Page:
If you're a writer, or engaged in a similarly underpaid profession, love and money probably have some uncomfortable resonances for you. In Hilary Black's new book, female writers discuss how these issues affect their lives.
Interviewed in Time, Black says she was inspired to compile the book by the end of her relationship with a wealthy man. Her friends, "who were all independent, employed, sophisticated women, were not particularly supportive. Not across the board, but they were all kind of like, 'He treats you so well, and he's so rich. What are you doing?'" If you've been a woman in a creative and/or nonlucrative field, you may well have heard this kind of response before, or at least dealt with the insinuation that you ought to be looking for men with greater earning power than you.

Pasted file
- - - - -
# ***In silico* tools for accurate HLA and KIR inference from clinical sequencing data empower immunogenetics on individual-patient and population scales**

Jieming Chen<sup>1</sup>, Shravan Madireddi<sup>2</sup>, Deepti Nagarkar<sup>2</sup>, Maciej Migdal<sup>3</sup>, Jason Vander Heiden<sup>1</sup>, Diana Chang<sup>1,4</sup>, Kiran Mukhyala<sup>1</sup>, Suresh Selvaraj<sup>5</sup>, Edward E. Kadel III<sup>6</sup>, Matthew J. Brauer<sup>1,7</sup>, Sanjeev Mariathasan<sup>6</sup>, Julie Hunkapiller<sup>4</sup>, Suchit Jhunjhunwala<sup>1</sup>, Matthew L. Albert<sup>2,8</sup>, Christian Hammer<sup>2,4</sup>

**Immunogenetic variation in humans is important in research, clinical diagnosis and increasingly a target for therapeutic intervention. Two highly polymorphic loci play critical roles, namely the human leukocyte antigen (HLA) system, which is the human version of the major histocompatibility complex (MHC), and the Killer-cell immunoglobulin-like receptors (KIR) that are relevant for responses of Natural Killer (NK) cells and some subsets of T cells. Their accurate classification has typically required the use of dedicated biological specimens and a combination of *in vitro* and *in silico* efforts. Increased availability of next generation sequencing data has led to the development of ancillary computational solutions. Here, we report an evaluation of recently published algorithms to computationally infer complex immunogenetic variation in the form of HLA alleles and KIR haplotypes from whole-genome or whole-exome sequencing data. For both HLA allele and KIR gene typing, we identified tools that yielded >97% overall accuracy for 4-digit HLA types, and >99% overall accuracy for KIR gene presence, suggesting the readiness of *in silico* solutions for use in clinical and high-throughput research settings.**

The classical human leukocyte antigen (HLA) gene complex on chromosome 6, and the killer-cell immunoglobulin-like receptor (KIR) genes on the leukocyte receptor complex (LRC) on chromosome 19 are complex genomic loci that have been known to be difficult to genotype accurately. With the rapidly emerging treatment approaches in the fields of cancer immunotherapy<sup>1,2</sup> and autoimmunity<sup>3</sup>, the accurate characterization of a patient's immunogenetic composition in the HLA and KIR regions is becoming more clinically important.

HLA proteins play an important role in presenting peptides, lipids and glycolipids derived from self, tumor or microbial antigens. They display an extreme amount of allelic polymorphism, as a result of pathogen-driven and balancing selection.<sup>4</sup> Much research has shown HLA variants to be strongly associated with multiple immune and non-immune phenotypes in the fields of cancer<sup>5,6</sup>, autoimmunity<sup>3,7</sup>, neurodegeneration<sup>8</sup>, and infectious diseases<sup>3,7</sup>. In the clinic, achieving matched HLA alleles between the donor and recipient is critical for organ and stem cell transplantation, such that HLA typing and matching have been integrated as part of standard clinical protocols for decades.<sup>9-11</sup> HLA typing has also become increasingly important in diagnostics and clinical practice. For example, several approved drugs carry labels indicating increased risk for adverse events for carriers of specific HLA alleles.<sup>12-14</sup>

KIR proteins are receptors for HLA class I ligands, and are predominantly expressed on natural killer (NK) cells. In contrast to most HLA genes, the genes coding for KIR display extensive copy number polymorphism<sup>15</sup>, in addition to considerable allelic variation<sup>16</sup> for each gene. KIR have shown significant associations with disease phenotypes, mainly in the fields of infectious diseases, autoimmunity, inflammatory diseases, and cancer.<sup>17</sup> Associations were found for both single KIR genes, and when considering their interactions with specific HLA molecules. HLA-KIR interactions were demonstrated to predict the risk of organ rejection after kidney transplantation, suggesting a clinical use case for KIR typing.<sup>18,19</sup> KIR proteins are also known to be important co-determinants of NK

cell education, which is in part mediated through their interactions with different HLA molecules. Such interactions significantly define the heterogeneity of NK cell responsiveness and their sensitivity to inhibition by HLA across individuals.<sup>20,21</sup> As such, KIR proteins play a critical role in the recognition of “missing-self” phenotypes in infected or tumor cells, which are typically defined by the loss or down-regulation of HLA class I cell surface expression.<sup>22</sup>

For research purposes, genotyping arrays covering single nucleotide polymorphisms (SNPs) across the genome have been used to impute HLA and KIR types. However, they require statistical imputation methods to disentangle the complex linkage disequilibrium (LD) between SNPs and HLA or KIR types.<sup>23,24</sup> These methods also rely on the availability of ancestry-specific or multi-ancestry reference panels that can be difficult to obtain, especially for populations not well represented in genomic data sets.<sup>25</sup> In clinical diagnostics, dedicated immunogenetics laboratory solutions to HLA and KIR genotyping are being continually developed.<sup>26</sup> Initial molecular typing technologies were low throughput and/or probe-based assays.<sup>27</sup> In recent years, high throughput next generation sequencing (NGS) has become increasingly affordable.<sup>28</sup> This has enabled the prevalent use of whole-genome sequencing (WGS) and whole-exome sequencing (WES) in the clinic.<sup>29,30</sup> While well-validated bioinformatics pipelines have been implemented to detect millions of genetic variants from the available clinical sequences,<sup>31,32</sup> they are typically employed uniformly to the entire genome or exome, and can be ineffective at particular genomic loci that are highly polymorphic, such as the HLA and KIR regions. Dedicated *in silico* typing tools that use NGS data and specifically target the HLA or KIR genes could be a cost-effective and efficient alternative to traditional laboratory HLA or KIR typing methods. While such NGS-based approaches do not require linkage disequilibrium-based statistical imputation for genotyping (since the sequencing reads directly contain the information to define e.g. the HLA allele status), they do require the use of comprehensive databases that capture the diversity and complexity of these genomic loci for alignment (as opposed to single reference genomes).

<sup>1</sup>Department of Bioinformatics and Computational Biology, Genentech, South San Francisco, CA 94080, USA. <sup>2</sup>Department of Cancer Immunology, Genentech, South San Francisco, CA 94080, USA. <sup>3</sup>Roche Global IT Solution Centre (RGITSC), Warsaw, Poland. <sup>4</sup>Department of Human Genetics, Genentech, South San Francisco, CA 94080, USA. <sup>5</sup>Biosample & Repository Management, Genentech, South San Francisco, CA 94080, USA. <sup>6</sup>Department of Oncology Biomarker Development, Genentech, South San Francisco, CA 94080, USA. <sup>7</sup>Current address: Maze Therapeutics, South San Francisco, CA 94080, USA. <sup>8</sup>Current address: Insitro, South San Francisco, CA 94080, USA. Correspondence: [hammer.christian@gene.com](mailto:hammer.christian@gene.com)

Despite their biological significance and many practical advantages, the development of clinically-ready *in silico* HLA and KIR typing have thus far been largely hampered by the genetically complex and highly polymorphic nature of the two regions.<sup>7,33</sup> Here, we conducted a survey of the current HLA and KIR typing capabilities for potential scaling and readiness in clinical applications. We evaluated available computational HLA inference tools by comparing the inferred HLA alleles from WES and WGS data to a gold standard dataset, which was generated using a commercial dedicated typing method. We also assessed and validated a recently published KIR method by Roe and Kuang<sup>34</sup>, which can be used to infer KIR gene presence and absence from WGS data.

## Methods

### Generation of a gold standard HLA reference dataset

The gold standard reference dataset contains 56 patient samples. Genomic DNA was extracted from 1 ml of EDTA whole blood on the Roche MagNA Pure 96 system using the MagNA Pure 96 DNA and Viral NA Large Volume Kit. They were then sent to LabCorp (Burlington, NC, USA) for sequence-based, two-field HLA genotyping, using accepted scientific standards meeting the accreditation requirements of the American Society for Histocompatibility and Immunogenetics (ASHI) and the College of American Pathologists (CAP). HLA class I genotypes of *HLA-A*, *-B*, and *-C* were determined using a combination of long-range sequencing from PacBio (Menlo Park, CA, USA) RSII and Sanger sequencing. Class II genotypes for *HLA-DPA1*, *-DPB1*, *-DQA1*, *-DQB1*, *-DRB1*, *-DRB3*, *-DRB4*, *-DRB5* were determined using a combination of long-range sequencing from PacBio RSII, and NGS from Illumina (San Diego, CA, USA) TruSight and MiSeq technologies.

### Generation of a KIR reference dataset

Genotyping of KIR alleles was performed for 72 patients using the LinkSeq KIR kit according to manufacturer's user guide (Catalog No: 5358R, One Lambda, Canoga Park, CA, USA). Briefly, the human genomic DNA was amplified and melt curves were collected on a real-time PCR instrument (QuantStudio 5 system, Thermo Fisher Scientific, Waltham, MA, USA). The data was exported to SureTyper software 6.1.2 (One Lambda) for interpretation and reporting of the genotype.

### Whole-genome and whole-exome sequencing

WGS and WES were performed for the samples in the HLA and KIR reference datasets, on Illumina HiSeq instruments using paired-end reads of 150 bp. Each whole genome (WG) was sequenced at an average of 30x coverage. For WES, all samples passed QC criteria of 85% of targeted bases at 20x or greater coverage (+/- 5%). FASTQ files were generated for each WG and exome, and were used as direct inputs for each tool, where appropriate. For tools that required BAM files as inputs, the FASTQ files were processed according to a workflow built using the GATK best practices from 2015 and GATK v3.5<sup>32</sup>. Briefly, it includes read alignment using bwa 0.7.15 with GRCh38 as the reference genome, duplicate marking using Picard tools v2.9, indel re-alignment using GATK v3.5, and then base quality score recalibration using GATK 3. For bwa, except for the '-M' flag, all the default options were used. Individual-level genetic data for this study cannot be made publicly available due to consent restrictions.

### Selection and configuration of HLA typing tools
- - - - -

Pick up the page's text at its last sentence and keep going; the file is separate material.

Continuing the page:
But if you're a writer or an artist or an activist or a social worker, chances are you meet a lot of other writer/artist/activist/social workers. And you may well be attracted to people whose interests and professional aspirations are similar to your own. And if that's true, a chill might go down your spine (I'm just going to keep on using the word "you" here, humor me) when the Time interviewer says, "there are women in your book who married for love and thereby entered poverty and later said that they hadn't really dealt realistically with their futures."
Especially in bad times, creative women who date creative men (and creative lezebels too, unless they're Lindsay and Sam) live with a certain dread: that by choosing to do what they love, and love who they love, they will eventually be beaten down by the realities of life until they are dying of consumption in an attic room while their children eat shoe leather and their husbands make sculptures out of coal dust. Black delivers a semi-reassuring soundbite about "having similar financial values," but she doesn't really speak to the underlying issue — that following your heart comes with a big dose of fear.